What isn’t teased out by looking at state tax records is who is doing all the drinking. Proponents of the “sin tax” say the tax burden is fair and hits binge and heavy drinkers the hardest because they are doing the most drinking.
One of the most disturbing pieces of data released by the Mat Su health foundation are the results of the Mat Su Borough’s 2011 Youth Risk Behavior Survey. It found 15% of traditional high school students and over 35% of alternative high school students are binge drinkers, consuming 4 or more drinks in a sitting. In that same year a study by the Pacific Institute for research and evaluation found that almost 18% of alcohol sold in the state was consumed by youth.
Sassan Mossanen remains confused. “Not in my restaurant,” he says. Twister Creek has no violations of serving underage drinkers. Since it is illegal for people under 21 years old to purchase alcohol he is unsure how charging retailers and brewers is a solution.
Registered voters can weigh in on proposition 1 on Tuesday, October 1st. Polls at the Talkeetna Elementary School will be open from 7am to 8pm.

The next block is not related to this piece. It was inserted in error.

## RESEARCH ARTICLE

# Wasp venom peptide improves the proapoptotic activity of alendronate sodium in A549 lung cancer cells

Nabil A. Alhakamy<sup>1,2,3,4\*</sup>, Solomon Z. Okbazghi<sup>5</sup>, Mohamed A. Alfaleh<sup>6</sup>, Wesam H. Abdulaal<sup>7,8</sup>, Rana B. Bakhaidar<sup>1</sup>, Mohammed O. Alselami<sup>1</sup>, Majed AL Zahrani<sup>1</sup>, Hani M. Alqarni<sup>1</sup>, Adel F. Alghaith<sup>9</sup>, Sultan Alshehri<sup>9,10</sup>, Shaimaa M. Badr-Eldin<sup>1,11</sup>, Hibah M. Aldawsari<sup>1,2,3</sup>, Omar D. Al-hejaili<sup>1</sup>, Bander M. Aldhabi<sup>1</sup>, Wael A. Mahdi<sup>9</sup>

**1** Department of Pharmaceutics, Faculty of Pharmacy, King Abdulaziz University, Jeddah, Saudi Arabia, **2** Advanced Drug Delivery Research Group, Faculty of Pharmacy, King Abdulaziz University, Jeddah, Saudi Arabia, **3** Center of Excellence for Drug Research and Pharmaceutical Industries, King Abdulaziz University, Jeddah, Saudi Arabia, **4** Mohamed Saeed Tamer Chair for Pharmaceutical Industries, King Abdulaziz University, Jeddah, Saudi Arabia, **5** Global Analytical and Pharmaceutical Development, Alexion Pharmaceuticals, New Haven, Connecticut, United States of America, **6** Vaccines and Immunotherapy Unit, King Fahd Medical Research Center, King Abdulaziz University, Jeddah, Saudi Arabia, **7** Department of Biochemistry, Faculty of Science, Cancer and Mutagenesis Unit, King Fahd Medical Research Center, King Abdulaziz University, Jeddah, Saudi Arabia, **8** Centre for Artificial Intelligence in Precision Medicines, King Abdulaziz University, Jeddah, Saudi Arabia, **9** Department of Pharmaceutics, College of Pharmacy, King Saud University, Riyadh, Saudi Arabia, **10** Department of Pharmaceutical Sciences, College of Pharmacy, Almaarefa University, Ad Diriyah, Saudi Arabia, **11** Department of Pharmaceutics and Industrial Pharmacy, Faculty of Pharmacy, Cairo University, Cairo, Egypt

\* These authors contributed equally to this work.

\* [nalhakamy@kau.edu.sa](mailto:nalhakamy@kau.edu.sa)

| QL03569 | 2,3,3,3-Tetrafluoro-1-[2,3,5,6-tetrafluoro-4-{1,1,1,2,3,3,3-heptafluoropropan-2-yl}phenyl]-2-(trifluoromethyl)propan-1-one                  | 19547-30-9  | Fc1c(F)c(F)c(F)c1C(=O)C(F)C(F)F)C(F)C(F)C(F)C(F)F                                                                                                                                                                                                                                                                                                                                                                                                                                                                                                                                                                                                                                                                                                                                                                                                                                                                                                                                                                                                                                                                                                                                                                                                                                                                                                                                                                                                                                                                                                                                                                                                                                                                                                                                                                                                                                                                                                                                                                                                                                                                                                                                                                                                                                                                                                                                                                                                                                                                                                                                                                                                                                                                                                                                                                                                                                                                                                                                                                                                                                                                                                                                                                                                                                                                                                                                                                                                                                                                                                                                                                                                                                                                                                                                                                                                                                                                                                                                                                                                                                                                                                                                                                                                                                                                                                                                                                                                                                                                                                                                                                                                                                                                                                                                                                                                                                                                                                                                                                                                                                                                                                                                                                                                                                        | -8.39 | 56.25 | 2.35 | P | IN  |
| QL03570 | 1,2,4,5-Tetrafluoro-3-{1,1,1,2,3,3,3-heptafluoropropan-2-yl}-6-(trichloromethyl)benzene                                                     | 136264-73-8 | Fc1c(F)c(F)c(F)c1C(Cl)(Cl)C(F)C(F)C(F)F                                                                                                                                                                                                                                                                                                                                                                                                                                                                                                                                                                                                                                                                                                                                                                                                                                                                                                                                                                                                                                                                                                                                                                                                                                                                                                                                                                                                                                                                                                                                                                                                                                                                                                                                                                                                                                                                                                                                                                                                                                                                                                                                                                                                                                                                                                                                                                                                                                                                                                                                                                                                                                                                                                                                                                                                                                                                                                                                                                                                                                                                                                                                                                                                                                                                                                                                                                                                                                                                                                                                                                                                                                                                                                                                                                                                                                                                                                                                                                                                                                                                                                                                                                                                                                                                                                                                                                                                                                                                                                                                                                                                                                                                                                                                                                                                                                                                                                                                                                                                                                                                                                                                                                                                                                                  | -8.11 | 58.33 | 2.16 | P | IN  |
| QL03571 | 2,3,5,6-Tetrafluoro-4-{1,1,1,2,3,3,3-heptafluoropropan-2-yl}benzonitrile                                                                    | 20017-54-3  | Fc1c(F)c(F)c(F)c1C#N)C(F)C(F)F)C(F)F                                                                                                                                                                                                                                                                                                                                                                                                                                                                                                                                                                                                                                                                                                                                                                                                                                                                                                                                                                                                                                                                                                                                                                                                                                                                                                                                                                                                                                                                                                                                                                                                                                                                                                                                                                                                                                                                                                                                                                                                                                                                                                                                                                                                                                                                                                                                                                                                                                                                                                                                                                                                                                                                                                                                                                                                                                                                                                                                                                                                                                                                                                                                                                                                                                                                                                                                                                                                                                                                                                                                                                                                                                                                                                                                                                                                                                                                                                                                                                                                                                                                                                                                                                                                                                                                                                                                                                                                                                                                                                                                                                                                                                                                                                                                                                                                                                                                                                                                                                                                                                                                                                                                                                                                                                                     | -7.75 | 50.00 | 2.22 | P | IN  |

2 Responses to Mat-Su Voters Will Consider a New Alcohol Tax on October 1st

  1. sue

    Horribly one sided report…hope we can get the other side so we can make an informed decision on what it might mean. What does the tax go to? Is it 5% on any alcoholic beverages in taverns or in any liquor store? (on poured drinks or any bottle from a liquour store)

  2. Holley Shafer

    Unfortunately, Kyle Hopkins’ article in the Anchorage Daily news was inaccurate. He mentions that wine and liquor consumption have increased, but he failed to mention that beer consumption has dramatically decreased. Per capita consumption of alcohol actually dropped in 2002-2003, immediately after the tax increase, and has fluctuated slightly since then, with 2012 the lowest consumption level since the 2002 tax increase. Adult per capita gallon consumption has averaged around 3 gallons per year since 1997 and has not increased.